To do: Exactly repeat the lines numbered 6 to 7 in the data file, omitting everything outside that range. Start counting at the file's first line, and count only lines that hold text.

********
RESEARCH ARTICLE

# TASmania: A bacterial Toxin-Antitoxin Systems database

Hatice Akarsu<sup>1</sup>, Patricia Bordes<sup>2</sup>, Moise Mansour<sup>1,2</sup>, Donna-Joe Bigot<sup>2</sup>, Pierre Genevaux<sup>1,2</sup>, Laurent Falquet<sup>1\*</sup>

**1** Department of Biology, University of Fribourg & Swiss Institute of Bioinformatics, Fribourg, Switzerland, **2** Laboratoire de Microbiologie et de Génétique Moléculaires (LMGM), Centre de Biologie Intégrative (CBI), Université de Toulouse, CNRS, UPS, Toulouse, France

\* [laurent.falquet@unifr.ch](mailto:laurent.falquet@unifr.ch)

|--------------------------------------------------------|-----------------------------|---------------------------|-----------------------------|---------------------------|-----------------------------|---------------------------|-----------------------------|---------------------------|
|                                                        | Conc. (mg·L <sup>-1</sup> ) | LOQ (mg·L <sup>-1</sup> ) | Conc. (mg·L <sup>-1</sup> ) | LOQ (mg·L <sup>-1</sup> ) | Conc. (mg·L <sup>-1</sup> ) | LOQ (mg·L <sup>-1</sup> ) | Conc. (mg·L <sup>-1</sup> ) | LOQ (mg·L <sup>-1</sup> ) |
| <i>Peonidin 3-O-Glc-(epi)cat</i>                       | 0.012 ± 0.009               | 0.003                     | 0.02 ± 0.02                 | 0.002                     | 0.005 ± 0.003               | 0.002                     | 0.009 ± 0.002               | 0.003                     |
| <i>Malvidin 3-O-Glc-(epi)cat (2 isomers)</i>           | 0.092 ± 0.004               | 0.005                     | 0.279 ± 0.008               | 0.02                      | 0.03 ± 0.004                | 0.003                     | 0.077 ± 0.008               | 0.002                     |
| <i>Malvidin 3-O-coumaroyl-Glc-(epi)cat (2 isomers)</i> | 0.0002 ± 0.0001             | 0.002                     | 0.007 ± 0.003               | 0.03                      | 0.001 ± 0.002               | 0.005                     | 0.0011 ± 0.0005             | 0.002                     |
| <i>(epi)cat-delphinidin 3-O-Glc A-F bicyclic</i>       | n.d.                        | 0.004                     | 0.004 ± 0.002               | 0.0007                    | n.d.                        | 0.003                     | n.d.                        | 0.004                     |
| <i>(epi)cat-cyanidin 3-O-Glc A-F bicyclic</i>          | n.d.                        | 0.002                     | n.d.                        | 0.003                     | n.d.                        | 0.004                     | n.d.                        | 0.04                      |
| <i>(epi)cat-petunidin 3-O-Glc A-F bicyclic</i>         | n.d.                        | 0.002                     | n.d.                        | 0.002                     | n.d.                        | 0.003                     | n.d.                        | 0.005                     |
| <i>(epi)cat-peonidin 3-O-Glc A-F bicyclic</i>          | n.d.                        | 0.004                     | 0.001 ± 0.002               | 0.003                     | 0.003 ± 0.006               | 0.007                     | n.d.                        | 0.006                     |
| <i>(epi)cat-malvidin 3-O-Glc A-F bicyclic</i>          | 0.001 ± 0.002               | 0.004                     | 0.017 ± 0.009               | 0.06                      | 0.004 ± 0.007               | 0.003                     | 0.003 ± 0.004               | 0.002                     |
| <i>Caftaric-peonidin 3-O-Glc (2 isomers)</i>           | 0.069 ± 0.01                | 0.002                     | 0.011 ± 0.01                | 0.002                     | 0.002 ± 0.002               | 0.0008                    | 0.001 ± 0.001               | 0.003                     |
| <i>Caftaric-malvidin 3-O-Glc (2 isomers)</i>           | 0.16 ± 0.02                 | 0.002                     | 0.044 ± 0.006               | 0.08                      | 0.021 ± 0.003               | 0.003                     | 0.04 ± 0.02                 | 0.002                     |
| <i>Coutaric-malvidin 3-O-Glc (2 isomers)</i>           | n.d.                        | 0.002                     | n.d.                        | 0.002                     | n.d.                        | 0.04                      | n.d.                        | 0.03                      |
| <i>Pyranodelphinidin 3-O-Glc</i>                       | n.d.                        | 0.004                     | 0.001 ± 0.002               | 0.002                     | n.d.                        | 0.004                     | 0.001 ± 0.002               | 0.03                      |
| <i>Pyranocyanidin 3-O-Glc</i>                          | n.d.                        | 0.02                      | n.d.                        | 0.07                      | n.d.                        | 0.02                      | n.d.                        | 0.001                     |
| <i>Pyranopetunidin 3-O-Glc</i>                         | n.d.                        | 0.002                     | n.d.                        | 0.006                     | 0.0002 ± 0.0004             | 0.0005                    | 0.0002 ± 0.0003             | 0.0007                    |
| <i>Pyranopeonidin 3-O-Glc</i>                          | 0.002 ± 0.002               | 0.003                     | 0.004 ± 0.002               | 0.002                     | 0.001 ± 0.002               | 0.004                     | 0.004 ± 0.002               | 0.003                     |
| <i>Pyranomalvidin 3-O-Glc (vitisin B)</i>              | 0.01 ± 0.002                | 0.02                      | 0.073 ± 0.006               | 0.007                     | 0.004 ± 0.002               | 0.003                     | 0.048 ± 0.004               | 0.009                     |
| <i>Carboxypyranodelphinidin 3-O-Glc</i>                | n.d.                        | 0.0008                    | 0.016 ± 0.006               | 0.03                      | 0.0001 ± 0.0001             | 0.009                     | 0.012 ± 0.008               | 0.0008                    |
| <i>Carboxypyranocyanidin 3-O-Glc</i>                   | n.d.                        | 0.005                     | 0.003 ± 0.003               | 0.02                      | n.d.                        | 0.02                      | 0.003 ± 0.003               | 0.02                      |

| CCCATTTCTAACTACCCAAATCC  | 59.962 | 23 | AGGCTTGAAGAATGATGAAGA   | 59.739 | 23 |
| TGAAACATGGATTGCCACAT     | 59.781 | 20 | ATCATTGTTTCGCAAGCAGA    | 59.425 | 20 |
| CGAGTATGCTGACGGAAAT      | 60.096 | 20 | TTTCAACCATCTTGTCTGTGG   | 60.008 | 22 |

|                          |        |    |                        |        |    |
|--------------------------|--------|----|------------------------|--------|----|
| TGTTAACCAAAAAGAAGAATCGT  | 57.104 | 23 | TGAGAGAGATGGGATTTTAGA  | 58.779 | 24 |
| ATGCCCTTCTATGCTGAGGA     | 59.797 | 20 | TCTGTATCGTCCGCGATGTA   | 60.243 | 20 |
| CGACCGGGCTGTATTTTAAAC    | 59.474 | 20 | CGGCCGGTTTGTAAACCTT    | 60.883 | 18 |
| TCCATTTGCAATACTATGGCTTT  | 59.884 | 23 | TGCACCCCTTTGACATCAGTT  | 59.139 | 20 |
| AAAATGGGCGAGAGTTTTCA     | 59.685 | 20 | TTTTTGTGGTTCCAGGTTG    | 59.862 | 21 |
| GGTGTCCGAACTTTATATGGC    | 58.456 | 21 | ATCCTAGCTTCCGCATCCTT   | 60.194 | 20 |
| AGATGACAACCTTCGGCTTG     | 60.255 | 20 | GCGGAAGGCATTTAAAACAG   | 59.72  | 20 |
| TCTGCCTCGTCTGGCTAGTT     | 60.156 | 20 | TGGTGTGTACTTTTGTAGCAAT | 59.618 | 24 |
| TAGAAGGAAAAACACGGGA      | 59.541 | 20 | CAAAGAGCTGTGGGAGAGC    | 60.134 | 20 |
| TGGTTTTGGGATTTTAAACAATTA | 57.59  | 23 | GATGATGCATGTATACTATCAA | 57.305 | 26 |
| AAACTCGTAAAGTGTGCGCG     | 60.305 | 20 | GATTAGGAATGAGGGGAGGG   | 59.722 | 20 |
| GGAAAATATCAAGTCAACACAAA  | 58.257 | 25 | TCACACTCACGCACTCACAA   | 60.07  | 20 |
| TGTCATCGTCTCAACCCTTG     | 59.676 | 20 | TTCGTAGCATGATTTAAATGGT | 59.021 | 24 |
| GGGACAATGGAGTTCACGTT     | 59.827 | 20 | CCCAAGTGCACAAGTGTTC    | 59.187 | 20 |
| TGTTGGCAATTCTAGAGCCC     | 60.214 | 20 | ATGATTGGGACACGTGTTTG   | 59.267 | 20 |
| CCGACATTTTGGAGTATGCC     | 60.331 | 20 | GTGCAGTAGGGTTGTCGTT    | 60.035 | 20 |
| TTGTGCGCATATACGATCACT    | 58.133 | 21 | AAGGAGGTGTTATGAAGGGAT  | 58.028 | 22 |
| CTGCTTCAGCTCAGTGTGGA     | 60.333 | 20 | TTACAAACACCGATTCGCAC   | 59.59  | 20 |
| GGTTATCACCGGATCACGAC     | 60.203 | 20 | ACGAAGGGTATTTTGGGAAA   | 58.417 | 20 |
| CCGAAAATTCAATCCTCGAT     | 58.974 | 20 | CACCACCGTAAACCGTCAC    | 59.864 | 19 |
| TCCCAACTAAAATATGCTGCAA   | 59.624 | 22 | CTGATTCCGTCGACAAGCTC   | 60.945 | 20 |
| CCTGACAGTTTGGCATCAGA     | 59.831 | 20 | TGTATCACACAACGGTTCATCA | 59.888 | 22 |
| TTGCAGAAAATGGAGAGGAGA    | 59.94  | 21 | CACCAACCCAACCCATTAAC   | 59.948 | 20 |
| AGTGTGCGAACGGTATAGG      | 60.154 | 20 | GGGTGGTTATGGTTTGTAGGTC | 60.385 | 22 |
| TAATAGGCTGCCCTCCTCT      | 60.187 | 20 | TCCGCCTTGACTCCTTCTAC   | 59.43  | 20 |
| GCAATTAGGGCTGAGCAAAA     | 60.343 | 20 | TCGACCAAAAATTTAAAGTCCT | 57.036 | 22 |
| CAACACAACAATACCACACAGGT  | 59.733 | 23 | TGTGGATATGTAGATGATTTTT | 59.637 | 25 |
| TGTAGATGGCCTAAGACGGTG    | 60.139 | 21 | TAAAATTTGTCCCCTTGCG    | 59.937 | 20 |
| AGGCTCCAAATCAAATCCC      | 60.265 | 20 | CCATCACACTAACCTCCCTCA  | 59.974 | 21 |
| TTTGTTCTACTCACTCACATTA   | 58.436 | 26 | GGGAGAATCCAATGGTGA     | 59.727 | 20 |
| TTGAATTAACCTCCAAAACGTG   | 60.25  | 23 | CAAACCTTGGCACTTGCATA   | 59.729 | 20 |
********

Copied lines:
|--------------------------------------------------------|-----------------------------|---------------------------|-----------------------------|---------------------------|-----------------------------|---------------------------|-----------------------------|---------------------------|
|                                                        | Conc. (mg·L <sup>-1</sup> ) | LOQ (mg·L <sup>-1</sup> ) | Conc. (mg·L <sup>-1</sup> ) | LOQ (mg·L <sup>-1</sup> ) | Conc. (mg·L <sup>-1</sup> ) | LOQ (mg·L <sup>-1</sup> ) | Conc. (mg·L <sup>-1</sup> ) | LOQ (mg·L <sup>-1</sup> ) |